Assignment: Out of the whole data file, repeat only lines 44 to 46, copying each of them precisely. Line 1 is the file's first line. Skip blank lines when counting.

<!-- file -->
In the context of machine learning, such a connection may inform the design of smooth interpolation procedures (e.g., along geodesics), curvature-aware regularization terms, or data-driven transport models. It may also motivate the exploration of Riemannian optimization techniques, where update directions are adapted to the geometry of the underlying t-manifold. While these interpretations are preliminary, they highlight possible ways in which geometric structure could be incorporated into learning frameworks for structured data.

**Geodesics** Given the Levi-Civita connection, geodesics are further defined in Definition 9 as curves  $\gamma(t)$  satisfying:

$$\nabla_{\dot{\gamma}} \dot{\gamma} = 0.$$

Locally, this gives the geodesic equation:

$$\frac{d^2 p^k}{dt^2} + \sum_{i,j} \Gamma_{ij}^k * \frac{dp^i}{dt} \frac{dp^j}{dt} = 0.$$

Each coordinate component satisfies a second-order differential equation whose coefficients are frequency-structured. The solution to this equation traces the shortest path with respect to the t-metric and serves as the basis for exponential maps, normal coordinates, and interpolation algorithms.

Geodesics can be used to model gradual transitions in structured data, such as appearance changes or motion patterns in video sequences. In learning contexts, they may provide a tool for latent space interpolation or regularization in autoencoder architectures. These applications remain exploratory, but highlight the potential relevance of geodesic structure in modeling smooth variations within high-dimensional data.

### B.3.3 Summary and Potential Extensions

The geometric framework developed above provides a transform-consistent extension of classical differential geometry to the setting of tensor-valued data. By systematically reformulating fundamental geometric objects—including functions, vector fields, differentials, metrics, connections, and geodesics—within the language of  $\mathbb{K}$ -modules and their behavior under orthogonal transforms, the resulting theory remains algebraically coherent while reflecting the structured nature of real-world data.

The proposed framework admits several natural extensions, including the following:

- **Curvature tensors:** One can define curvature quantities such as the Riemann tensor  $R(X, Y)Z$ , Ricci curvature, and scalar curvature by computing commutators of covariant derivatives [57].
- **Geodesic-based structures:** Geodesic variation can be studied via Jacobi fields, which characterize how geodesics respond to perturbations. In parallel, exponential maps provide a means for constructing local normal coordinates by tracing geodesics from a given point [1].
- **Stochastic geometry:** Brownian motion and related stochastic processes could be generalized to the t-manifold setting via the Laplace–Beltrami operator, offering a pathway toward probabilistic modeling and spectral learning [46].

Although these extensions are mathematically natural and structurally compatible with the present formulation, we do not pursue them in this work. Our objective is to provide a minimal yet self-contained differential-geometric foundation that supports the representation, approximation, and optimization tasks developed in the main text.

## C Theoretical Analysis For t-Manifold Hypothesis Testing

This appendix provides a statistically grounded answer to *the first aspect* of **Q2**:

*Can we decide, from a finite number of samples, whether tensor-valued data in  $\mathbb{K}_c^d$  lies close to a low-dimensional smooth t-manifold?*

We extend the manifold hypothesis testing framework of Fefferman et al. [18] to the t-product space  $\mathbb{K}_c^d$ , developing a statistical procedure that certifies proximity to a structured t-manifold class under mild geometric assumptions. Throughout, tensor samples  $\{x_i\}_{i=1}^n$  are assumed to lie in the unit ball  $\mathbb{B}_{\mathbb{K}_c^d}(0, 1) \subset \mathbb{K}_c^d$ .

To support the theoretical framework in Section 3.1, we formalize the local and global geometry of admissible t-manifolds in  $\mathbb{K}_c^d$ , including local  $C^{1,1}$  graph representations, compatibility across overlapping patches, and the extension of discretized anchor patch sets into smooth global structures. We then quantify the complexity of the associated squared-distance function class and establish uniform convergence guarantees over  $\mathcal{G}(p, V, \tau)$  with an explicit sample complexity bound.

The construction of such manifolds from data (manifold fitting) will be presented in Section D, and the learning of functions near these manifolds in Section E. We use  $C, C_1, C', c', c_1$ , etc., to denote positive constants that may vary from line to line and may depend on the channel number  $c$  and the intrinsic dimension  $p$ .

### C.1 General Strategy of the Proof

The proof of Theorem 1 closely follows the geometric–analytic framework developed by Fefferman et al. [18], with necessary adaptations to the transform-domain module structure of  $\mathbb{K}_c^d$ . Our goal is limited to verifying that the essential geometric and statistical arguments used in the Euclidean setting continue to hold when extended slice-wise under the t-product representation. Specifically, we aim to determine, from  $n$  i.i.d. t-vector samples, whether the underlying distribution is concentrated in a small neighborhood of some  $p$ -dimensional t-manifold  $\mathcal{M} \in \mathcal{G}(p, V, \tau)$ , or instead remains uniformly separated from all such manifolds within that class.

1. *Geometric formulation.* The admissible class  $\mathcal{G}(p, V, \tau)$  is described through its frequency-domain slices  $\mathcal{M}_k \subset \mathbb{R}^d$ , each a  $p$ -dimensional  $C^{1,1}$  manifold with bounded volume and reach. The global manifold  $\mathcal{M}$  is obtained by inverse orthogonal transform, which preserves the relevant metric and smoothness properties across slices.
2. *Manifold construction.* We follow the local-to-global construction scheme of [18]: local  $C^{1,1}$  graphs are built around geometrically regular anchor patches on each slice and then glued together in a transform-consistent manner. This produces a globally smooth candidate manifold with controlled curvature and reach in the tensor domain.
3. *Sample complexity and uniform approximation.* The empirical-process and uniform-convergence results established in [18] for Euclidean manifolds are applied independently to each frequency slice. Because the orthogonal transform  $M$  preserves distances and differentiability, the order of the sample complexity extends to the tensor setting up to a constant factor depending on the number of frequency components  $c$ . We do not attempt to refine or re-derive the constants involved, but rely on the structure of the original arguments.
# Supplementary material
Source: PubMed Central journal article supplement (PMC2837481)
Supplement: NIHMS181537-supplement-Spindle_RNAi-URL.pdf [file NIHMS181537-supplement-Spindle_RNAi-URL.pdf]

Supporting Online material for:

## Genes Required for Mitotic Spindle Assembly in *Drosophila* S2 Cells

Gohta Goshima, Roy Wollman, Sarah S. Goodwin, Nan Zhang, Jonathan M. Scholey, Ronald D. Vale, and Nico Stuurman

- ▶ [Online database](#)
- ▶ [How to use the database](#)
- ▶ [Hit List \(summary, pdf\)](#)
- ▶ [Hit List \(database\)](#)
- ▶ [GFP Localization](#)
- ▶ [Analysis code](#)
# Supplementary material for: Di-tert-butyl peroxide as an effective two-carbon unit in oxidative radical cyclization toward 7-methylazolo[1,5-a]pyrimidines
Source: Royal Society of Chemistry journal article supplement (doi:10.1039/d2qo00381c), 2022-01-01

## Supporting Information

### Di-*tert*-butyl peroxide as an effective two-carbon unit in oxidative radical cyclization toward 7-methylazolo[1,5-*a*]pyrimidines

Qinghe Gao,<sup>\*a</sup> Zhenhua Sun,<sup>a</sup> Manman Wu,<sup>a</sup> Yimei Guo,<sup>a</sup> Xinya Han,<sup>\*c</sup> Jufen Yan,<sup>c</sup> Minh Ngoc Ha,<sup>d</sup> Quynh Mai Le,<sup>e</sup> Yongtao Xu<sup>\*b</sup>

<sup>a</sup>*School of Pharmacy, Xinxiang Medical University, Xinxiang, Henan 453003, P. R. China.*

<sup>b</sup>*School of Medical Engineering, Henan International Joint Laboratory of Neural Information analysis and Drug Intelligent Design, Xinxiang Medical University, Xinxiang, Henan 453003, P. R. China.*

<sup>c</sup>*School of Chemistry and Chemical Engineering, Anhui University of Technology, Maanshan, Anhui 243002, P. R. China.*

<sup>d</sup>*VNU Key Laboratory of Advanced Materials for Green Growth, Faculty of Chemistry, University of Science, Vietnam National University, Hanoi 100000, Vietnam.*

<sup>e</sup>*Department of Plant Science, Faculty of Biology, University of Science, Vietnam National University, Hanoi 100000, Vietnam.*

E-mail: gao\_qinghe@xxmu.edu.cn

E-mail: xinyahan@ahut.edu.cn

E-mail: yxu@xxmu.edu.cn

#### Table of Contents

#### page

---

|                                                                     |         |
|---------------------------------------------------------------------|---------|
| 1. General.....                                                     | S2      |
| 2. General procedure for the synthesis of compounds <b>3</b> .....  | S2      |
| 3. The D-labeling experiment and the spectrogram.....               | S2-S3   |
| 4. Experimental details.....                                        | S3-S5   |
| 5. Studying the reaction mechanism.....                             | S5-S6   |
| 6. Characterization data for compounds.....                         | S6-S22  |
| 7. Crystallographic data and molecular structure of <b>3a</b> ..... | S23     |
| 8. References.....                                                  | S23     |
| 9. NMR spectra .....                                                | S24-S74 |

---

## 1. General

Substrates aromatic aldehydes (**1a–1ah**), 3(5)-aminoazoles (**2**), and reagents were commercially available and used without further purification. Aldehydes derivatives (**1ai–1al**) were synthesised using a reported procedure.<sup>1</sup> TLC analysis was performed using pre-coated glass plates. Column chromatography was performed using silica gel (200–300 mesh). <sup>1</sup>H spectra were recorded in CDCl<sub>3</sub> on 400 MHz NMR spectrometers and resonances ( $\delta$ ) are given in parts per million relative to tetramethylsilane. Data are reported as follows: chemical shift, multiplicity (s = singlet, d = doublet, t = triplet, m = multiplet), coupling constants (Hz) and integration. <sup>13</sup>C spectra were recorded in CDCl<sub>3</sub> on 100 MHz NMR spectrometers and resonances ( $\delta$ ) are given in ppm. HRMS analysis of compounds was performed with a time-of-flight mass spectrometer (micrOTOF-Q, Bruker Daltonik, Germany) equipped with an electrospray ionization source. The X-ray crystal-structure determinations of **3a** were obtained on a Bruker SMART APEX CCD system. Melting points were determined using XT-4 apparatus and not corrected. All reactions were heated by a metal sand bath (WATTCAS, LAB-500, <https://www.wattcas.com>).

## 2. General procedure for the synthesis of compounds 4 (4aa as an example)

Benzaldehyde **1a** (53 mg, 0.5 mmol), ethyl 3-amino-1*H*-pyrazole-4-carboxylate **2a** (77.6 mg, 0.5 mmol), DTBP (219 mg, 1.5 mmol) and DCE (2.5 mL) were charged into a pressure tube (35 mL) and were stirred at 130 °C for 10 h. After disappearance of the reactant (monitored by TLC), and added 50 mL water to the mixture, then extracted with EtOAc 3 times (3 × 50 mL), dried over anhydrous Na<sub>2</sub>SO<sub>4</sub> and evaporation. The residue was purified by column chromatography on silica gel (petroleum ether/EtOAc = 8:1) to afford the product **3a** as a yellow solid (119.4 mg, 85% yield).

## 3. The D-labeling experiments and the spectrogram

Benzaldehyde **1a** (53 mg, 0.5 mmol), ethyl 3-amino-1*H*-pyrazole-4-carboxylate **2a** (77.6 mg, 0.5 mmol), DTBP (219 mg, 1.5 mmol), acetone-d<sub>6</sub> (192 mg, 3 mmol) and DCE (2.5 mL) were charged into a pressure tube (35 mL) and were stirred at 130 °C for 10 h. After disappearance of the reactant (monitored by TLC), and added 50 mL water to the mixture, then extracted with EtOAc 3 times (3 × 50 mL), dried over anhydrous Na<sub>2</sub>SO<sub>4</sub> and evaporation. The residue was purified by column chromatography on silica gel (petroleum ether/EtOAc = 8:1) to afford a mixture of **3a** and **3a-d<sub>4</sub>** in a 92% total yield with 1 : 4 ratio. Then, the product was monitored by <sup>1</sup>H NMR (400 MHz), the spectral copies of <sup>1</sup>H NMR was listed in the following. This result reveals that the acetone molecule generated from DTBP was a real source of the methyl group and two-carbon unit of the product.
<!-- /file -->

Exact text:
<sup>b</sup>*School of Medical Engineering, Henan International Joint Laboratory of Neural Information analysis and Drug Intelligent Design, Xinxiang Medical University, Xinxiang, Henan 453003, P. R. China.*

<sup>c</sup>*School of Chemistry and Chemical Engineering, Anhui University of Technology, Maanshan, Anhui 243002, P. R. China.*

<sup>d</sup>*VNU Key Laboratory of Advanced Materials for Green Growth, Faculty of Chemistry, University of Science, Vietnam National University, Hanoi 100000, Vietnam.*